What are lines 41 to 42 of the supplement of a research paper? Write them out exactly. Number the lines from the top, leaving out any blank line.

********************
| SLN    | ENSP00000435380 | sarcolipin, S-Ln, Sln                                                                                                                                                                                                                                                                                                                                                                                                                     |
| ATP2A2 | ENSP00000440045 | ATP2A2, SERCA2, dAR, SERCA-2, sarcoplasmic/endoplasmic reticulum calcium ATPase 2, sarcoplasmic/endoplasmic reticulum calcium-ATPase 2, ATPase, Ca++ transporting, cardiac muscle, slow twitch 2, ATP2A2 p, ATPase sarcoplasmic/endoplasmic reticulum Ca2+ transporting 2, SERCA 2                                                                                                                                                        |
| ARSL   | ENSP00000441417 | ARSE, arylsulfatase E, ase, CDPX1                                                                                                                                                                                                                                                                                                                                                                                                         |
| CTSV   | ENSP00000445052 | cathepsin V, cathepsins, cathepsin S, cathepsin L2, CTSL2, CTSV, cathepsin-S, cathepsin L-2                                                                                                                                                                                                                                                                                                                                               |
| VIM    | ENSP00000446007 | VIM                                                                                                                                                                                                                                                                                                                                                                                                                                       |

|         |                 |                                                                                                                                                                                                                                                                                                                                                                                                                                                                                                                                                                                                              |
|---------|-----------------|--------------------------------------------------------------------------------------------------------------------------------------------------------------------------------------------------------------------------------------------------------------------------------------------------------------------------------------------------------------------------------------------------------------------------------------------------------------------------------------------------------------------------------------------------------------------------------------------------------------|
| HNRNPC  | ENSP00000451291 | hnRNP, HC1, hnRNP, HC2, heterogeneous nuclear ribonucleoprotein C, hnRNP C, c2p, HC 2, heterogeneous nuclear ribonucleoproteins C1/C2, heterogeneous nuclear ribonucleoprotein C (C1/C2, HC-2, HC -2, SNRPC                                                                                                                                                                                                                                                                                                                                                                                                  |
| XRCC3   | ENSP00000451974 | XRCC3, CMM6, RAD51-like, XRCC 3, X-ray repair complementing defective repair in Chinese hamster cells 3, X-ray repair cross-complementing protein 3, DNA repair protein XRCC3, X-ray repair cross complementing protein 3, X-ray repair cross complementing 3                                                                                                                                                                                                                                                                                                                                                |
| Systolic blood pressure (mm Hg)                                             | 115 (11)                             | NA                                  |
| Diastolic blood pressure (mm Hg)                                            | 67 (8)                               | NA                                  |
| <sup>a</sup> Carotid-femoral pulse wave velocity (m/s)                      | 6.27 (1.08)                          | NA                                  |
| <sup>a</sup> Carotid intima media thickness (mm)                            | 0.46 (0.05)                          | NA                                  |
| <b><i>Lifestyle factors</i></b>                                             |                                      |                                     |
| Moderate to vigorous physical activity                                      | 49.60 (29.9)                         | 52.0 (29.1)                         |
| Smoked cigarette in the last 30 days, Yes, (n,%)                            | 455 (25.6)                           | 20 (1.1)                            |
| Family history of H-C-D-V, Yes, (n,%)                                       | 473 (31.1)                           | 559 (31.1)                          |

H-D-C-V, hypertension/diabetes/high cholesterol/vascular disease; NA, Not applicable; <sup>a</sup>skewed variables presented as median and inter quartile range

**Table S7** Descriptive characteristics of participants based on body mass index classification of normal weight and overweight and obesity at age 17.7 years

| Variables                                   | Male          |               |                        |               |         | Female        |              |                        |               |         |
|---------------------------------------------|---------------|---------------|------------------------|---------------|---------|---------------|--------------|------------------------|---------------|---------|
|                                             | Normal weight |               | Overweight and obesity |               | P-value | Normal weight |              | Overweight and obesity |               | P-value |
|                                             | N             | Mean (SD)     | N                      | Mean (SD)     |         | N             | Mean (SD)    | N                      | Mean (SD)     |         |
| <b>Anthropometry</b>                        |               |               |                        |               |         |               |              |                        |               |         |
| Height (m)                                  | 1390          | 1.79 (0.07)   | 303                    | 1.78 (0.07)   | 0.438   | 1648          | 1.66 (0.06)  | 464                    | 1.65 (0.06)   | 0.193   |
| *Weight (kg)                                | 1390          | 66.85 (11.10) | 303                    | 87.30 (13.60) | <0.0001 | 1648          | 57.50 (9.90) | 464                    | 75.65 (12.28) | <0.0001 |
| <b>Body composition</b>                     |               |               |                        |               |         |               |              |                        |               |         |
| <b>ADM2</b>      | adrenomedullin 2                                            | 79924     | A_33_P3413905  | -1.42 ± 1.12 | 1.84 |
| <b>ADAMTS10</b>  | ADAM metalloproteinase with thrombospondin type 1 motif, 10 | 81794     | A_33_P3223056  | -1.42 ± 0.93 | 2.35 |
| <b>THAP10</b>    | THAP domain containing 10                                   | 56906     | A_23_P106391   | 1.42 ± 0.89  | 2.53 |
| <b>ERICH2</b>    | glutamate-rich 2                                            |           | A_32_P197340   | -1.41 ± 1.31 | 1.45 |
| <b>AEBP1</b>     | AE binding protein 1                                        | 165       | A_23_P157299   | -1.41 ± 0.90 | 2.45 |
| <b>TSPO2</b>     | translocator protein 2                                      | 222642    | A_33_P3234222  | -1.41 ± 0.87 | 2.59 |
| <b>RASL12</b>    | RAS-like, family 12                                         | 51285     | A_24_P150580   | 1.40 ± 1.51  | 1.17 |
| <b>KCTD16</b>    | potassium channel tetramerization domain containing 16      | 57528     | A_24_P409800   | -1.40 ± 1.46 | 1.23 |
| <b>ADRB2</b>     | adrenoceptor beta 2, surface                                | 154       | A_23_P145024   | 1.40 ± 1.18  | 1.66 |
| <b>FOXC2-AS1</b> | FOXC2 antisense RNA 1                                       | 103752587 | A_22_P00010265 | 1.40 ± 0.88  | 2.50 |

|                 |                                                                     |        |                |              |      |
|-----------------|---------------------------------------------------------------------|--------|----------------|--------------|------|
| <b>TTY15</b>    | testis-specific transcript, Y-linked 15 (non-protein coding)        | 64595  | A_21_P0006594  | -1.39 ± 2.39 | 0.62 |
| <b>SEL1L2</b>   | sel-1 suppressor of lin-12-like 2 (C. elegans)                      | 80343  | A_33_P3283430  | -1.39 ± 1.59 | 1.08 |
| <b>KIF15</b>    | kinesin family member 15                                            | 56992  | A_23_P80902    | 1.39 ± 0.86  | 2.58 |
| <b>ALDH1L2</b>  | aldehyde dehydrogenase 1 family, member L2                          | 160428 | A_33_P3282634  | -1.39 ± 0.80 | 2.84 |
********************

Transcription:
| <b>SEL1L2</b>   | sel-1 suppressor of lin-12-like 2 (C. elegans)                      | 80343  | A_33_P3283430  | -1.39 ± 1.59 | 1.08 |
| <b>KIF15</b>    | kinesin family member 15                                            | 56992  | A_23_P80902    | 1.39 ± 0.86  | 2.58 |